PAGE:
Going through some old (and I mean OLD) files, I came across this Contract that was created while I was president at Rockland Community College
(NY). It was resisted by some faculty but we finally gained
enough acceptance to move it through to the Board which jumped on it
and a community shell shocked after a $12.8 million state and federal
financial aid allowance loved it. (No, I didn't create the problem It was my job
to resolve it, keep the college open and fiscally solvent. We did.)
The guarantee created confidence in our academic program and student
focus.It was also the right thing to do. It also gained national
recognition as a forward thinking approach to learning and jobs. Not
sure what happened once I left in a protest over Board impropriety and
ties to a politician who would soon go to jail after I left).
I still think it is a good, student-focused idea that could be adapted
by any college and would go a long way to help the beleaguered reputations of community colleges in particular but also most four-year schools. they are all under f ire now for not having enough success in helping students complete and get jobs.
There are some that say we cannot guarantee ;learning but under this contract we do all we can to assure that learning has taken place. It also causes grades to mean something other than showing up.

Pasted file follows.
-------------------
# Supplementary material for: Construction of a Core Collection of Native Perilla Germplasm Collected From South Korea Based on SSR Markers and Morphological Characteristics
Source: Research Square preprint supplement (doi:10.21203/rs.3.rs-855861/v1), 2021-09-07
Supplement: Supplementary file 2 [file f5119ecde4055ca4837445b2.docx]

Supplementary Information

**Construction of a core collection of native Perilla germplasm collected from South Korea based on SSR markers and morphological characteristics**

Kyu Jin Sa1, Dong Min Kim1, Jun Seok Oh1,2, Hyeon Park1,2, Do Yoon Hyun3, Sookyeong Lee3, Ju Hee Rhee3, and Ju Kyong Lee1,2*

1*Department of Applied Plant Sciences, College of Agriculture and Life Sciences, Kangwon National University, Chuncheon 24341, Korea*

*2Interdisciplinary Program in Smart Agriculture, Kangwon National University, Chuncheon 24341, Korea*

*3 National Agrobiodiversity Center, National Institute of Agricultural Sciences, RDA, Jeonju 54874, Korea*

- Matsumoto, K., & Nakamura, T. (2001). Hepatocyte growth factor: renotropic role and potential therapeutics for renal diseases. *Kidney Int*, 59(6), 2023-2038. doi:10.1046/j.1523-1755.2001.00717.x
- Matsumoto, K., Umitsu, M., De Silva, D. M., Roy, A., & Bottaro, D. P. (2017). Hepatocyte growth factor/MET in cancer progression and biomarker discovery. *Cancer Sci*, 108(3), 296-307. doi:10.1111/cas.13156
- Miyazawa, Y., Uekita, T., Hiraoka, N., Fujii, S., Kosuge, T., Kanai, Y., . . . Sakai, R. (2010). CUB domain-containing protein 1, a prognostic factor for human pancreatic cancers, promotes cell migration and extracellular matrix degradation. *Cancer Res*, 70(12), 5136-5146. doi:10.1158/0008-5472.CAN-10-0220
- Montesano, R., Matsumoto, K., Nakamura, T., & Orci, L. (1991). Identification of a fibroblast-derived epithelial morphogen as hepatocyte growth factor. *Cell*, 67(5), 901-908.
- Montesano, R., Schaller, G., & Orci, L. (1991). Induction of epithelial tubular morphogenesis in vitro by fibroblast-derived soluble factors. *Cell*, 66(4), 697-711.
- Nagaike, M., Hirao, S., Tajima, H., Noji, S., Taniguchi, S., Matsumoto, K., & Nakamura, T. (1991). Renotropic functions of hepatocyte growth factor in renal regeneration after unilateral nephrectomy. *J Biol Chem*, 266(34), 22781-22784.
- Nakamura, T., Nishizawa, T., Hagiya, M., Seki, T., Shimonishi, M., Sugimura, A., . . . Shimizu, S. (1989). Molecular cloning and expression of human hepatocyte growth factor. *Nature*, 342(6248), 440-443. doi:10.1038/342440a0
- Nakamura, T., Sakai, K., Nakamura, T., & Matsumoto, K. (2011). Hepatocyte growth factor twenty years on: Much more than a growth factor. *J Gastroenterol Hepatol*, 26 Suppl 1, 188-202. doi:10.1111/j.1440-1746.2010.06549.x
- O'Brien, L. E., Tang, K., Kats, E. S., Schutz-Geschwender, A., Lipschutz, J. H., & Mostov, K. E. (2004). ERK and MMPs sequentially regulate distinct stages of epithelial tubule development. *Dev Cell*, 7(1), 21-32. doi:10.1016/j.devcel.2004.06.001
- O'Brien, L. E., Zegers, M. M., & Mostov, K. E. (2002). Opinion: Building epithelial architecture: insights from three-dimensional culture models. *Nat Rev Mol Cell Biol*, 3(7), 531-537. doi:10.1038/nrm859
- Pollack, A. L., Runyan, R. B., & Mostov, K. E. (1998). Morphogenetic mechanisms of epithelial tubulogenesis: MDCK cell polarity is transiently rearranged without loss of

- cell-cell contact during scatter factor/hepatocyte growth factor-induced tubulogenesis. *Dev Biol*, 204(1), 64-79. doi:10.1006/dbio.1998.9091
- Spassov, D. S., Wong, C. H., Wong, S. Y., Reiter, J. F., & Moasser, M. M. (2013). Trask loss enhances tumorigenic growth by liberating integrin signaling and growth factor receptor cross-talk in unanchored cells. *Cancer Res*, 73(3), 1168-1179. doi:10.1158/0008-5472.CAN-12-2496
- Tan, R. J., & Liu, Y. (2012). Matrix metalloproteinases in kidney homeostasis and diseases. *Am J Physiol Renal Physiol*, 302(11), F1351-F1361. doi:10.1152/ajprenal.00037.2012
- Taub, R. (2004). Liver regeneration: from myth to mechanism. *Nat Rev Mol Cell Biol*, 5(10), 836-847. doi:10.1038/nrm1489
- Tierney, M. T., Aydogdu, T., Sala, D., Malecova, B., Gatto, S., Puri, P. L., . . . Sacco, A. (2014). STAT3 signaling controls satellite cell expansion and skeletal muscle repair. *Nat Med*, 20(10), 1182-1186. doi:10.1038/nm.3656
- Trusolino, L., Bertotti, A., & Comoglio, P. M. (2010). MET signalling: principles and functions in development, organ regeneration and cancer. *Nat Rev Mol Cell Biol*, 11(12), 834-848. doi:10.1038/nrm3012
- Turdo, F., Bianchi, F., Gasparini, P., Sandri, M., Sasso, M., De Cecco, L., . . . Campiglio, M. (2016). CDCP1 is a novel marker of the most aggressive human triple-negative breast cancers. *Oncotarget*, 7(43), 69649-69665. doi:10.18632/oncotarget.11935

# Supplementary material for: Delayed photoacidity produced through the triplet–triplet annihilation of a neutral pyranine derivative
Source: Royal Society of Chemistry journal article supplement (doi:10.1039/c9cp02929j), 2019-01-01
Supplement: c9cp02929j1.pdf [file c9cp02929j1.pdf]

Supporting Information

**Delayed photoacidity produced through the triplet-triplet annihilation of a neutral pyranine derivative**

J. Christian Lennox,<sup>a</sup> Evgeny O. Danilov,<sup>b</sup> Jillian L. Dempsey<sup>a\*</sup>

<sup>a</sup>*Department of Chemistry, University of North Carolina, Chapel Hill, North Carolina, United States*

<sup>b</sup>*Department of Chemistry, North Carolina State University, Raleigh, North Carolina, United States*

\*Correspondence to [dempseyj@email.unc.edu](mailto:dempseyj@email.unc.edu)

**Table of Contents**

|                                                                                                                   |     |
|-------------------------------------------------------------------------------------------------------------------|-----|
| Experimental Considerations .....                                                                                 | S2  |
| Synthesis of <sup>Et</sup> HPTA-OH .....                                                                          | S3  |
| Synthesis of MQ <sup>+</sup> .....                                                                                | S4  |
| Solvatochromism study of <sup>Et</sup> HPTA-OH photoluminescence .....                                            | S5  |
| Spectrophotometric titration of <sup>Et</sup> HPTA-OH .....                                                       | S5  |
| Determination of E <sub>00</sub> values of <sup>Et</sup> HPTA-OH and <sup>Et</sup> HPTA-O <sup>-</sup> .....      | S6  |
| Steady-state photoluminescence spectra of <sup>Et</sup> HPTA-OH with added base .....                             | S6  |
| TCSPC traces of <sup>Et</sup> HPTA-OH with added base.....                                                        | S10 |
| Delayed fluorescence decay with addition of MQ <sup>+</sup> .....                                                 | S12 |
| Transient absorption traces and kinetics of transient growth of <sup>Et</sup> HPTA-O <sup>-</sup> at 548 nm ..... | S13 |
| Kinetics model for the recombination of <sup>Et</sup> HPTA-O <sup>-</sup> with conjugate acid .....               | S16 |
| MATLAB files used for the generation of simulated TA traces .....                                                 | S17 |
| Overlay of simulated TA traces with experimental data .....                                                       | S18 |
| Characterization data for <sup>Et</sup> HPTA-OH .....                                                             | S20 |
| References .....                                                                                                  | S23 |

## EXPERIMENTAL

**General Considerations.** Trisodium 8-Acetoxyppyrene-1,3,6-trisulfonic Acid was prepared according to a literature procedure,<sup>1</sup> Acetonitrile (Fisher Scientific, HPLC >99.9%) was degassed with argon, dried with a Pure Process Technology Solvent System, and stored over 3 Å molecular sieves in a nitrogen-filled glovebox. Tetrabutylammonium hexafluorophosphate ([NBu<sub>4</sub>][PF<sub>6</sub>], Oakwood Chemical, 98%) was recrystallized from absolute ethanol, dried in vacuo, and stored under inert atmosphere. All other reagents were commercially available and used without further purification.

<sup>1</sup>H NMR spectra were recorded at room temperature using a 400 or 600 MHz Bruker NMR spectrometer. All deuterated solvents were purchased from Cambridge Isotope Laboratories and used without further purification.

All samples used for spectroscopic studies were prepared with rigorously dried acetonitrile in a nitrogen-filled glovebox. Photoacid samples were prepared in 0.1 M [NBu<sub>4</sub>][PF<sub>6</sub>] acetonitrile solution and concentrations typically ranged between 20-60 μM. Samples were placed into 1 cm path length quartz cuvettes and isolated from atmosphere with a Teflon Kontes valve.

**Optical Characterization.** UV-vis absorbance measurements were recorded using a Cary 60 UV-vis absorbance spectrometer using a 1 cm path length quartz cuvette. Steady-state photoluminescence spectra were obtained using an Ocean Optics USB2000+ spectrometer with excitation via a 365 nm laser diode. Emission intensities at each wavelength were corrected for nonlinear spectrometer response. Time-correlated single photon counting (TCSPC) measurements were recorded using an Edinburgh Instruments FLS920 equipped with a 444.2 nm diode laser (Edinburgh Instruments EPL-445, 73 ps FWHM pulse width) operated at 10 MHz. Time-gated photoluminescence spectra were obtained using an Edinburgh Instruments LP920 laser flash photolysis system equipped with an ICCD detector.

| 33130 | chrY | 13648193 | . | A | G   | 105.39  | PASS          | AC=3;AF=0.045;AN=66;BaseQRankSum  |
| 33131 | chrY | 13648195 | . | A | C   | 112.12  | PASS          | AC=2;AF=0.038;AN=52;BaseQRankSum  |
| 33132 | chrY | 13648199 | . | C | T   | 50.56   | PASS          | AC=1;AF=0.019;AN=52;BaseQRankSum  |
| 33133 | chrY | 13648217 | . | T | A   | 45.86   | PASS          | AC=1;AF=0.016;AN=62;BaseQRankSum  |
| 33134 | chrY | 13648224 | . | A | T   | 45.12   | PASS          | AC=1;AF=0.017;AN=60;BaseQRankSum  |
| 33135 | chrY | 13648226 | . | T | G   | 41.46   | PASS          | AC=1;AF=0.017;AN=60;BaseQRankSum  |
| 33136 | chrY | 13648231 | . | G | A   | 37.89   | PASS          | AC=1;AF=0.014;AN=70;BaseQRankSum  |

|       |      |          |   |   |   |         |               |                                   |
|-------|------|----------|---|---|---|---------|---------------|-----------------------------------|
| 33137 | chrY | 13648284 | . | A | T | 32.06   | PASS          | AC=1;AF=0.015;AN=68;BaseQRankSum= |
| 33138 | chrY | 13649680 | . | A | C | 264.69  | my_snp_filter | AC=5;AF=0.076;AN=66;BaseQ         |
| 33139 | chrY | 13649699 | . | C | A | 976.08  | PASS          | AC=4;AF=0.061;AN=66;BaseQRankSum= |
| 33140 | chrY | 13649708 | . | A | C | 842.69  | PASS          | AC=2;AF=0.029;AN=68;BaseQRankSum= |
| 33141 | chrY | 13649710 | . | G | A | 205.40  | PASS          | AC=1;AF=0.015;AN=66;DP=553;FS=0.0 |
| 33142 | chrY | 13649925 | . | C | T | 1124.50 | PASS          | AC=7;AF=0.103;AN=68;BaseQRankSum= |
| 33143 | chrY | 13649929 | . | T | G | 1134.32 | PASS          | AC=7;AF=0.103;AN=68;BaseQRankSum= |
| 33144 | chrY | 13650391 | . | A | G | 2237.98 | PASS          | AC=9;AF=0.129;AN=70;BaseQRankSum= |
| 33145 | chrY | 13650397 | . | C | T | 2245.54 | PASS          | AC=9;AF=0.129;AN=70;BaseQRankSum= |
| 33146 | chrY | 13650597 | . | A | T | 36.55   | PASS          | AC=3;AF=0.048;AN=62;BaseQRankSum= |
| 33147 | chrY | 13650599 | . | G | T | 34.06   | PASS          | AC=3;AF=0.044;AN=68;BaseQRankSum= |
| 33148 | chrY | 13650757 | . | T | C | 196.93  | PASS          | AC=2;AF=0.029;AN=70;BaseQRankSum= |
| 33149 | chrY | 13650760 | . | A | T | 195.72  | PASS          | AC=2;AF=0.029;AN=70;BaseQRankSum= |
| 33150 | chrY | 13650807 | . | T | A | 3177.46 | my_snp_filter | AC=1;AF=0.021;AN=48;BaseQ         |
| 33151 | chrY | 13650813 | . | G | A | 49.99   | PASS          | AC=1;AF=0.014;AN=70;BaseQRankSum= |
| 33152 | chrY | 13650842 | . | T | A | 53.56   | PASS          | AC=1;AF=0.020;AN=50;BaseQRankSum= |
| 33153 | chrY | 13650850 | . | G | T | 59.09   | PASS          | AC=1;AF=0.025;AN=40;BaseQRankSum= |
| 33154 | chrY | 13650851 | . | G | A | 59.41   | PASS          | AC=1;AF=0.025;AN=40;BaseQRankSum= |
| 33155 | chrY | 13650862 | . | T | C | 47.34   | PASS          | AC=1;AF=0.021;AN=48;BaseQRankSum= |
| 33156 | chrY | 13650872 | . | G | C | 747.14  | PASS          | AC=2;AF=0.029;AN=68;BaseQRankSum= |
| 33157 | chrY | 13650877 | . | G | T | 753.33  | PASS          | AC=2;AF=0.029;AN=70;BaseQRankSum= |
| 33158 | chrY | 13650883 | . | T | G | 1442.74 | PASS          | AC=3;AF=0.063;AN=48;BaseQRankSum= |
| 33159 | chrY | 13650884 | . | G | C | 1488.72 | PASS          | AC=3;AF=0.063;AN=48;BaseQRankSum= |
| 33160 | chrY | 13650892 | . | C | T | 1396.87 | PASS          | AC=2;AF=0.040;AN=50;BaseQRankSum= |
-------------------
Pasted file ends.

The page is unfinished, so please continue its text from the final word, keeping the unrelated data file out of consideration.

Let me know if you think it still has benefits.
Thursday, February 26, 2015
Tuesday, February 17, 2015
Are most colleges businesses and not just the obviously for-profit ones either? All colleges sell their services (marketing and recruitment),have sales
Maybe they are businesses; unique businesses but businesses just the same. Businesses like a medical practice perhaps with professionals serving the needs of their patients. Each tries to use professional services providers (doctors/professors) to better the lives of their clients. Each purports to higher missions than making money. Each make patients/customers/ students pay for services but each is also paid for some of the services by outside groups like insurance and the government for medical practices and local, state and federal government for colleges. Each depends on a core of contracted professionals; doctors for the medical practice and faculty for colleges.